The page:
Heavy periods

If you’re experiencing heavy periods, you should see a doctor so that your medical history can be recorded and an examination can be performed. For sexually active women, you should make sure you have a Cervical Screening Test (CST) once every five years. An ultrasound scan is also a good idea, looking for physical problems such as fibroids (balls of fibrous tissue and muscle that bulk-up the uterus).

What are heavy periods?

On the first day of menstruation, it is mostly tissue that is secreted from the body. After that, the blood lost comes from exposed blood vessels and this is where a period can become problematic. During a normal period, around 40ml of blood is lost. During a heavy period, somewhere between 60 and 80ml of blood is lost.

Blood loss is not typically measured during a period and the diagnosis is made based on symptoms, examination findings and investigations. Heavy periods can be particularly concerning if they result in anaemia or low iron levels.

What causes heavy periods?

In most cases, no obvious cause can be found. However, some of the known causes include:

  • Fibroids: usually a non-cancerous ball of fibrous tissue in the muscle wall of the womb
  • Adenomyosis: where the tissue lining the inside of the womb is found growing into the muscle wall of the uterus
  • Polyps: usually a non-cancerous growth inside the womb or on the cervix
  • Endometrial hyperplasia: thickening of the lining of the womb
  • Hormonal irregularities
  • Bleeding disorders: predisposing an affected person to excessive bleeding/bruising
  • Pelvic Inflammatory Disease (PID): infection of the pelvis
  • Endometriosis: where the tissue lining the inside of the womb is found elsewhere in the pelvis
  • Thyroid problems
  • Polycystic ovarian syndrome (PCOS)
  • Certain types of contraception
  • Blood thinning medications
  • Cancer

How do I know if I have heavy periods?

Symptoms commonly include:

  • Soaking through a pad or tampon in an hour or less
  • Passing blood clots during the period
  • Having to wear both a tampon and pad at the same time
  • Flooding onto underwear, clothes or bedding
  • Feeling faint, dizzy or short of breath
  • Marked tiredness and lethargy

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How are heavy periods treated?

There is a range of treatment options, and the best one for you will depend on your age and reproductive needs. The good news is that in most cases a surgical approach can be avoided.

Tranexamic acid

Tranexamic acid helps stop blood clots from breaking up within the womb and therefore reduces the amount of blood lost during a period. The dose is usually two tablets taken three to four times a day on the heavy days of menstruation. It typically halves menstrual blood loss and side effects are relatively uncommon. This particular treatment may not be suitable if you have a history of blood clotting problems or kidney disease.

Anti-inflammatory drugs

These include Ponstan® and Naprogesic® and are best known for helping to relieve period pain. However, if a full dose is taken con­tinuously for the first five days of menstruation, they can reduce blood loss by around 25%.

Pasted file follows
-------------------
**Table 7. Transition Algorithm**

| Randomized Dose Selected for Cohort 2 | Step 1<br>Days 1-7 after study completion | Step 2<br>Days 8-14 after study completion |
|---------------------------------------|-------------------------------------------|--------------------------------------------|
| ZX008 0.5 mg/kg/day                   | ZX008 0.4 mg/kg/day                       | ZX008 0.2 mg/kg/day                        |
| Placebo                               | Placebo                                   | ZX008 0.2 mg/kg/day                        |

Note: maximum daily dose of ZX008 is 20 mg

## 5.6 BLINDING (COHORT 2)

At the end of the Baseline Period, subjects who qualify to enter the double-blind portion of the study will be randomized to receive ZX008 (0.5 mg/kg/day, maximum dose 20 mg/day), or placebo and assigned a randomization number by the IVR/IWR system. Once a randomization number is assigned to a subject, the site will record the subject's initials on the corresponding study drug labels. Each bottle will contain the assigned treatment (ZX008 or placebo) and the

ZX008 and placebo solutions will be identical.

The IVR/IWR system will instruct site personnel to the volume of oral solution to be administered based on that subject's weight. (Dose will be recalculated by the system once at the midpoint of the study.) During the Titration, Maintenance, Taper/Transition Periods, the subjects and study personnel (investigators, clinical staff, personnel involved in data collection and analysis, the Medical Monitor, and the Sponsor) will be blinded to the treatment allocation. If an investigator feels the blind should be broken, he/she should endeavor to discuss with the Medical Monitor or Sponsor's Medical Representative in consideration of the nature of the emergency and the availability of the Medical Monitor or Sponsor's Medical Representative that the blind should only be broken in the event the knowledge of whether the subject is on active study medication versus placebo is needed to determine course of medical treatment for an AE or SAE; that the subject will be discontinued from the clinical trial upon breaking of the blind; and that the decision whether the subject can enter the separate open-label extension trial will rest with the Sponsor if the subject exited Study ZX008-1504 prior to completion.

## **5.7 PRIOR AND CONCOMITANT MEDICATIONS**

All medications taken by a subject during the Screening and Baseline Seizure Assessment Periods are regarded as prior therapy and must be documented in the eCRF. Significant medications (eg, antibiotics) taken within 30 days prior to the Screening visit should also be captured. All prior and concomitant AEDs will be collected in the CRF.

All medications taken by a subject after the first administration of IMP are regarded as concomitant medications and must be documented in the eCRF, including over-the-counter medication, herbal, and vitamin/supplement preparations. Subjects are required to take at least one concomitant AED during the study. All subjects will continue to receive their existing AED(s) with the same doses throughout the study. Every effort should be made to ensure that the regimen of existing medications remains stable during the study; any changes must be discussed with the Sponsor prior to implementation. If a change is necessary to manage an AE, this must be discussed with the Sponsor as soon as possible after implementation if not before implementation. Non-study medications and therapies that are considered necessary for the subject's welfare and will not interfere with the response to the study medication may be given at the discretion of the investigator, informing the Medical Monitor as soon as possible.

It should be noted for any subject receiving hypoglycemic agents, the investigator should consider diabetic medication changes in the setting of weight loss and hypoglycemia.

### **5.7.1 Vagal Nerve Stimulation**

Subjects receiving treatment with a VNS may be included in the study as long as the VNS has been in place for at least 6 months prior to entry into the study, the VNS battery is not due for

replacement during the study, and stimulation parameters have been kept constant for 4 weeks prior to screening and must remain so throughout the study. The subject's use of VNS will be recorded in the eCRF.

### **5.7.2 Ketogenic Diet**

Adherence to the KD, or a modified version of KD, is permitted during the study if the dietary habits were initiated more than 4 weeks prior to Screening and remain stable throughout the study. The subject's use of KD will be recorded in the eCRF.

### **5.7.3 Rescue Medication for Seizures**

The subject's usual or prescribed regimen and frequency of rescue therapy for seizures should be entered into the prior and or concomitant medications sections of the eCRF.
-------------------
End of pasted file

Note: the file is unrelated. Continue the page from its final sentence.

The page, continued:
The contraceptive pill

Taking the Pill is an effective method of birth control and can reduce menstrual blood loss by 30-50%.

The Mirena® device

A highly effective form of contraception, this device can also reduce blood loss during menstruation by as much as 90%. After the initial insertion, bleeding is typically irregular for around three to six weeks, but then after that periods stabilise. We are able to insert the device and use our own specialised anaesthetic gel, Pluscaine®, to numb and dilate your cervix to make the procedure as comfortable as possible for you, while eliminating the need for local anaesthetic via a needle. This is a service unique to WHRIA.


Progesterone is a female hormone that thins the lining of the womb and helps to reduce menstrual blood loss. It can be given as tablets, vaginally or as an injection and can also substantially reduce menstrual blood loss. Around one in eight women will experience side effects with progestins such as mood swings, bloating, irritability and even depression.


Surgery should be considered a ‘last resort’ in treating heavy periods and we will only recommend it in extreme circumstances. There are a number of operations with different rates of effectiveness and varying levels of risk, summarized below.

Removal of polyps: a polyp is a non-cancerous growth in the womb that can be the cause of heavy periods. A camera is inserted inside the womb and the polyp is identified and removed.

Myomectomy: fibroids causing heavy blood loss are surgically cut out from the wall of the womb.

Endometrial ablation: the lining of the womb is treated so that it can no longer bleed during your period. The exact method of treatment will vary from patient to patient.

Hysterectomy: the surgical removal of the womb.

Please note: Any medical or surgical procedure carries risks. Use these 5 questions to ask your doctor or other healthcare provider to make sure you end up with the right amount of care — not too much and not too little (accessed from Choosing Wisely Australia – An initiative from NPS MedicineWise).

Helpful resources

If you’d like to read more about heavy periods, what causes them and how they can be treated, please take a look at one of our Health Information Fact Sheets here.

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Last updated: 7 February 2023

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